Some HCV / HIV Co-Infection Topics Presented in Paris

The links below may need to be clicked twice or waited for in order to work.

Summary: Due to the complex way liver disease develops, the higher risk of hep C and re-infection, and the risk for drug interactions with antiretrovirals, frequently not addressed in clinical trials, those with HCV/HIV co-infection still pose challenges.

Summary: HCV/HIV co-infection is prevalent in those who use opiates. However, little is known about the results of opiate replacement treatment (ORT) for those with hep C and those who are HCV/HIV co-infected who are in ORT. This study saw that HCV/HIV co-infected patients received more methadone when compared with patients without infections. No differences in methadone doses were found in those with hep C. It also showed that hep C doesn’t cause any difference in whether or not the opiate replacement treatment (ORT) will work long term.

Summary: This study looked at the effectiveness of direct-acting antivirals (DAAs), a type of hep C treatment, in real life. It looked at interactions between HCV/HIV treatments and monitored liver fibrosis, transaminases, and alpha-fetoprotein (AFP) changes while taking treatment. The study found that direct-acting antivirals (DAAs) are effective and improve liver fibrosis, hepatic cytolysis, and AFP.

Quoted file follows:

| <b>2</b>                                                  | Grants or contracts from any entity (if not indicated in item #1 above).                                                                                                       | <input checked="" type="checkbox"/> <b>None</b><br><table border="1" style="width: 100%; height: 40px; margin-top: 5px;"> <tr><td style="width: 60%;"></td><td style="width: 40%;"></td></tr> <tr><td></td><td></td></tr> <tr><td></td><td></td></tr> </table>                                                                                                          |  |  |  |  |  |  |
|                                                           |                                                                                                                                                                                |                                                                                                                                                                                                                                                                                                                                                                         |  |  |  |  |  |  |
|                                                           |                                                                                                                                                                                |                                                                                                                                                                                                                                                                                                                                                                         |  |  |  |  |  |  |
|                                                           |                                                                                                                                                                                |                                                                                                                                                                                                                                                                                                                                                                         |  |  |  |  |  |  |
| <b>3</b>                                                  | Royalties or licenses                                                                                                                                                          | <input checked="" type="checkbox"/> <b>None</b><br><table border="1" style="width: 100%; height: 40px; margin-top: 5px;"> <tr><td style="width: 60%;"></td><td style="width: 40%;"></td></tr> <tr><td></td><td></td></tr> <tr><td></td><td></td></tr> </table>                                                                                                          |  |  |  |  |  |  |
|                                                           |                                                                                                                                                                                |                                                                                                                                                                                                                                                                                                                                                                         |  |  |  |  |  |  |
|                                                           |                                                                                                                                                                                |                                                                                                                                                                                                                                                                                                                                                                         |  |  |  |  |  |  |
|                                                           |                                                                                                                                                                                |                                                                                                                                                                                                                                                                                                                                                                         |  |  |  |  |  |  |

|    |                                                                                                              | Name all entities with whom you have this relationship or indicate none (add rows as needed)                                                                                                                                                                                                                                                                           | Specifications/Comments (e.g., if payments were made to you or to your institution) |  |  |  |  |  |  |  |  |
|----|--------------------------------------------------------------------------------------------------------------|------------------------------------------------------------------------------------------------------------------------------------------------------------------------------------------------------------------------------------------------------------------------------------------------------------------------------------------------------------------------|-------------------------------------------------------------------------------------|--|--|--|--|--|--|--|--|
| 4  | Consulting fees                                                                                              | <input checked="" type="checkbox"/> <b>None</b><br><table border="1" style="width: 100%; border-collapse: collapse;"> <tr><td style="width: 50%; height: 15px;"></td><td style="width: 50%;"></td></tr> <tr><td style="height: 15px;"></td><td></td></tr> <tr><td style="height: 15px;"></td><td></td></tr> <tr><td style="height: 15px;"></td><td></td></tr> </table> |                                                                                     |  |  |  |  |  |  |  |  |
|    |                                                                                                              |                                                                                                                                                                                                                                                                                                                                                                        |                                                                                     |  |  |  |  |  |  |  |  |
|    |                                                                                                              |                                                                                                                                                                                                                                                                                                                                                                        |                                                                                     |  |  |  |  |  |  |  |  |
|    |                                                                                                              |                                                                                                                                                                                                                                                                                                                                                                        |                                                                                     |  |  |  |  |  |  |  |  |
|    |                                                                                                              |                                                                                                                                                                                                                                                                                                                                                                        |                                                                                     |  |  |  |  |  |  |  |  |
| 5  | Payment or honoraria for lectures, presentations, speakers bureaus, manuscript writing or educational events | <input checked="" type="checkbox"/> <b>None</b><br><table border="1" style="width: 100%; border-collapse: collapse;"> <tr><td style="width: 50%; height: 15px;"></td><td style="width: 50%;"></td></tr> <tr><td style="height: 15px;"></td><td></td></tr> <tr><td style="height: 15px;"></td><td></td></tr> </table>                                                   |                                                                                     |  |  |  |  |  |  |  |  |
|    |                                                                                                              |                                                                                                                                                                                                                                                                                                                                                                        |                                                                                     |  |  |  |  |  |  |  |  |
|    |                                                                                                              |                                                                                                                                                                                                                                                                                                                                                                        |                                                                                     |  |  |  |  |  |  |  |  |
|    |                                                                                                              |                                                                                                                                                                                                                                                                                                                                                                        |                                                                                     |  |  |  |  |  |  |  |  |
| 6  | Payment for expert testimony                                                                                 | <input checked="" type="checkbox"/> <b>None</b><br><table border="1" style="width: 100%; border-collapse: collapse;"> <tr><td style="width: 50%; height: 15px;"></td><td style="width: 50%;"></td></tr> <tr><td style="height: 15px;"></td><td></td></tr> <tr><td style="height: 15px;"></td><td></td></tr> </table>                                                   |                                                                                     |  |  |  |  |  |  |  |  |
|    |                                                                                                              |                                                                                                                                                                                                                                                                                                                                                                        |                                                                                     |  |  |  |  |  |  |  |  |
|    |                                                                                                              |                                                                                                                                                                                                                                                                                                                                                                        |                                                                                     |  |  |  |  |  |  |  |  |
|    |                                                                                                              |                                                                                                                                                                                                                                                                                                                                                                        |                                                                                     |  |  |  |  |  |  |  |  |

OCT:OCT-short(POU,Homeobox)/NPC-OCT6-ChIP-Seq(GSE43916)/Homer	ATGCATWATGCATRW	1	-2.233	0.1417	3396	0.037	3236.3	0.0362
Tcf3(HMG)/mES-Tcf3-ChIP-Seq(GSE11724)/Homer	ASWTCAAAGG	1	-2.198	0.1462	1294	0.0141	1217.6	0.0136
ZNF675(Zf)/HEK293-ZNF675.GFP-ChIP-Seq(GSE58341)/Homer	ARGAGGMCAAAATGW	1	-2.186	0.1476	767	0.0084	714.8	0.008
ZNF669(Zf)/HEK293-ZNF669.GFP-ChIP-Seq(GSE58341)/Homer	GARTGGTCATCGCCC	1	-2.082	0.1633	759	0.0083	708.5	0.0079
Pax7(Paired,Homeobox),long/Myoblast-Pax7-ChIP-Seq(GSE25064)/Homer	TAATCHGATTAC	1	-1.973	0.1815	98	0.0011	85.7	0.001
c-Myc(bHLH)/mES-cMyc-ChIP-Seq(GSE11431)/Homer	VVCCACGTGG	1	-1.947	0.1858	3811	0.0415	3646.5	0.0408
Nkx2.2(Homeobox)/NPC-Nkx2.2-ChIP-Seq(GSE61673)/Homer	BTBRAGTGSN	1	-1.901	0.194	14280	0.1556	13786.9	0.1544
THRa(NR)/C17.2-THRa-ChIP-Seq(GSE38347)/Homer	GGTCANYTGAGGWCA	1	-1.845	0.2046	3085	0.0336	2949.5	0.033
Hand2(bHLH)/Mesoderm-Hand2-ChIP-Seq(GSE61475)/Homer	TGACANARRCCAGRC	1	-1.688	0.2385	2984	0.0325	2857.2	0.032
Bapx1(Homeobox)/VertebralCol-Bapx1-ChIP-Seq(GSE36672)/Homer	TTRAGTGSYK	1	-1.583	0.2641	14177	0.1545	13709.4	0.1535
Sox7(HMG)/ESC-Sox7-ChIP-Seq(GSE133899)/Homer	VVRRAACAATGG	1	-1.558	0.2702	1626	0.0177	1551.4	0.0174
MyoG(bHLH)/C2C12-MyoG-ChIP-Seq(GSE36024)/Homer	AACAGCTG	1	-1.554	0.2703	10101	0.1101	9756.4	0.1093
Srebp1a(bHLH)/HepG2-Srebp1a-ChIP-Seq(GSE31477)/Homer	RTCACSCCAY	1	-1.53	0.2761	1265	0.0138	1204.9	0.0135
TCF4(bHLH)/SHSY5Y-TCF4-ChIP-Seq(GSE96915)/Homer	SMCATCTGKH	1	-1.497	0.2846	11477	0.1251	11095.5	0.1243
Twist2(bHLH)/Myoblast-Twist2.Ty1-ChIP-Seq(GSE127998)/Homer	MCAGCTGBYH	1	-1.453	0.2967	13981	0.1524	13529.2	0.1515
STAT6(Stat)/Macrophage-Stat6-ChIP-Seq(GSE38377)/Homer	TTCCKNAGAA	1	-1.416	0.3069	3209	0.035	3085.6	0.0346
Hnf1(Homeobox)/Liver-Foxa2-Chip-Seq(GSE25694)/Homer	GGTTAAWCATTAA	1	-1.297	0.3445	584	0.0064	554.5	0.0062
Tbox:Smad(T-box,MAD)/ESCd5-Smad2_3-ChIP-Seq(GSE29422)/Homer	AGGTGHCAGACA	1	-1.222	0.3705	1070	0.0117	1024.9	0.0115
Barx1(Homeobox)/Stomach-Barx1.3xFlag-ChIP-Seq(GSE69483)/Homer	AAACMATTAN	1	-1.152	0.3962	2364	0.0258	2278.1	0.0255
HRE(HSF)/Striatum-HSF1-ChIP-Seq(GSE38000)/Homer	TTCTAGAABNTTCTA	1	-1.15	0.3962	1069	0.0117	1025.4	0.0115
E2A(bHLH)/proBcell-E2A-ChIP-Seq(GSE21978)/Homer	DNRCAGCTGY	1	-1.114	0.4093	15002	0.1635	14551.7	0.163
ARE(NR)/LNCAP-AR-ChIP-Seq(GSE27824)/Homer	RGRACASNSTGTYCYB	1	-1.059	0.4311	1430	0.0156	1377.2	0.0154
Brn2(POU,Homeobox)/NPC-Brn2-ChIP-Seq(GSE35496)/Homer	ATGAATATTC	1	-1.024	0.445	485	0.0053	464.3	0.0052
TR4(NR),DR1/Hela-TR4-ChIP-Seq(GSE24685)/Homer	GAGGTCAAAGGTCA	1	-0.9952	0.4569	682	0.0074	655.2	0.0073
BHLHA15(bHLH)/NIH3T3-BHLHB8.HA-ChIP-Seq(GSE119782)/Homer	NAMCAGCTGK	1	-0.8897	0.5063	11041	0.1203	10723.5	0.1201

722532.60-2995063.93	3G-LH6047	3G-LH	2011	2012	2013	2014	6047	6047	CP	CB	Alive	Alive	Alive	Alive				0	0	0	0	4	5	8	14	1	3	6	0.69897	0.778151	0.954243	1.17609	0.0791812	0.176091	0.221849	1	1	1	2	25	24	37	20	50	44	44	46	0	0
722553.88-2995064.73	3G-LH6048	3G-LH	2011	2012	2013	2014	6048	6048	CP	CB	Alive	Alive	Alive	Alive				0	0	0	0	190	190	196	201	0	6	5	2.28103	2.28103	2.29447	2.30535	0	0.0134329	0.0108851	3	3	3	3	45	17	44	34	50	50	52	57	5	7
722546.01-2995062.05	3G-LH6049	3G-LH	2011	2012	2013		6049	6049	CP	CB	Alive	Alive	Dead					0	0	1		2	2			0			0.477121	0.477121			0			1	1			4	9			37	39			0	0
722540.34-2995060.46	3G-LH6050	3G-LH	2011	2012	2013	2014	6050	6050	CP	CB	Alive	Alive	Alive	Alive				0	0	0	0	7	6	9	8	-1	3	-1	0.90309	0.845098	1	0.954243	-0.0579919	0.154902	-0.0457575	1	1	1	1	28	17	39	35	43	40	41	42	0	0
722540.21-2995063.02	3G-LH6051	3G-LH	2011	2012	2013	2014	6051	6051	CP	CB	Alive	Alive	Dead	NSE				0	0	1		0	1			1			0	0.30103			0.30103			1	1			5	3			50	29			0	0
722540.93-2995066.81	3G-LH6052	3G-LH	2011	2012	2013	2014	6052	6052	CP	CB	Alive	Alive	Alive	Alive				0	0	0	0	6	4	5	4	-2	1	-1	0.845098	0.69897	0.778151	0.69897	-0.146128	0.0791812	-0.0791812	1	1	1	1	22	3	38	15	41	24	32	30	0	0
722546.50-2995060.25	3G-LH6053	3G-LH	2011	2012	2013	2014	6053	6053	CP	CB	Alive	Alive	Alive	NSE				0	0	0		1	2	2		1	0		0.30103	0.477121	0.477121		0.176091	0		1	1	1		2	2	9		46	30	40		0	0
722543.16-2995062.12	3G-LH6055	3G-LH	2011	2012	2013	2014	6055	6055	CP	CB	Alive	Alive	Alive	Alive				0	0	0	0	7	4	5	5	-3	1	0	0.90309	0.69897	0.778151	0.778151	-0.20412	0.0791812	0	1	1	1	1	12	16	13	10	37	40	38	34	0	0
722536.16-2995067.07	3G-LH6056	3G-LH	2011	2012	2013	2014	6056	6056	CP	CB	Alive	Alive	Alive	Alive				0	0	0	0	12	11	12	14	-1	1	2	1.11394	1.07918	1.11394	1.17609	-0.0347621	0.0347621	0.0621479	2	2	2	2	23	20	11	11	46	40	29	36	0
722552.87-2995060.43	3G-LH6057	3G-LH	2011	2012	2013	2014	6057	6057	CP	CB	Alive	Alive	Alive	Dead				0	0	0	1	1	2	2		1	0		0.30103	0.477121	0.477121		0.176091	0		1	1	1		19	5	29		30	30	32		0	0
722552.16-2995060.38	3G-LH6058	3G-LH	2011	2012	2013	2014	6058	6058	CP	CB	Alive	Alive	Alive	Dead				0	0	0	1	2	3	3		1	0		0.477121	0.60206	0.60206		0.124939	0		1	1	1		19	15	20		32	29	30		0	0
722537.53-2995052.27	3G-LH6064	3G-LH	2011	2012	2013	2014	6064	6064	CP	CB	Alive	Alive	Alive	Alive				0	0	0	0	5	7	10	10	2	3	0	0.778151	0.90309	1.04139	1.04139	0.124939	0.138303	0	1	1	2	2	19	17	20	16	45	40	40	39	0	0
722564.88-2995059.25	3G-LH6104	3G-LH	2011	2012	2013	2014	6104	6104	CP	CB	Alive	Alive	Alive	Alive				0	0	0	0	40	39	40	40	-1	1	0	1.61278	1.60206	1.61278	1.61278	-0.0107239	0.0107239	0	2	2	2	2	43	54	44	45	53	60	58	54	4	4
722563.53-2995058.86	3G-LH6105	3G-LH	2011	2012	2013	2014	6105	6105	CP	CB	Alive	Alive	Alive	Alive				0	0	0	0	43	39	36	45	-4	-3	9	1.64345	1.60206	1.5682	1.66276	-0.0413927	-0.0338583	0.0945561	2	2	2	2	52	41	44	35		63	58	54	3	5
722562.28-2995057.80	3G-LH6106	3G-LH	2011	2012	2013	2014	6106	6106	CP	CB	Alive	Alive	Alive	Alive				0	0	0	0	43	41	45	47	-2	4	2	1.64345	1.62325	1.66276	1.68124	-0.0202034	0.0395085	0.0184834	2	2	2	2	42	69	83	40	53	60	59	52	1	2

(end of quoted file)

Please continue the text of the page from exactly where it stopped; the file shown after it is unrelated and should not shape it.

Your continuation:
For more information about studies presented at the EASL / AASLD special conference in Paris last week, please find Part I of the conference’s blog series here and Part II here.

The Roadmap for Cure Conference in Paris (Part I)

The EASL / AASLD's conference in ParisThe European Association for the Study of the Liver (EASL) / American Association for the Study of Liver Diseases (AASLD)’s two day special conference, entitled “New Perspectives in Hepatitis C Virus Infection – The Roadmap for Cure, started today in Paris, France. The conference has gathered experts to review and analysis current hepatitis C treatment data, published and unpublished. Their focus will be on:

  • Epidemiology of hep C in different areas of the world
  • Virology and pathogenesis
  • Natural history of the disease and impact of the new treatments on the long term consequences of chronic hep C infection
  • Assessment of the disease
  • Therapy, with special emphasis on difficult-to-treat populations or unsolved issues
  • Eradication strategies (EASL 2016)

Some Hepatitis C Treatment Topics to be Presented in Paris (Part I)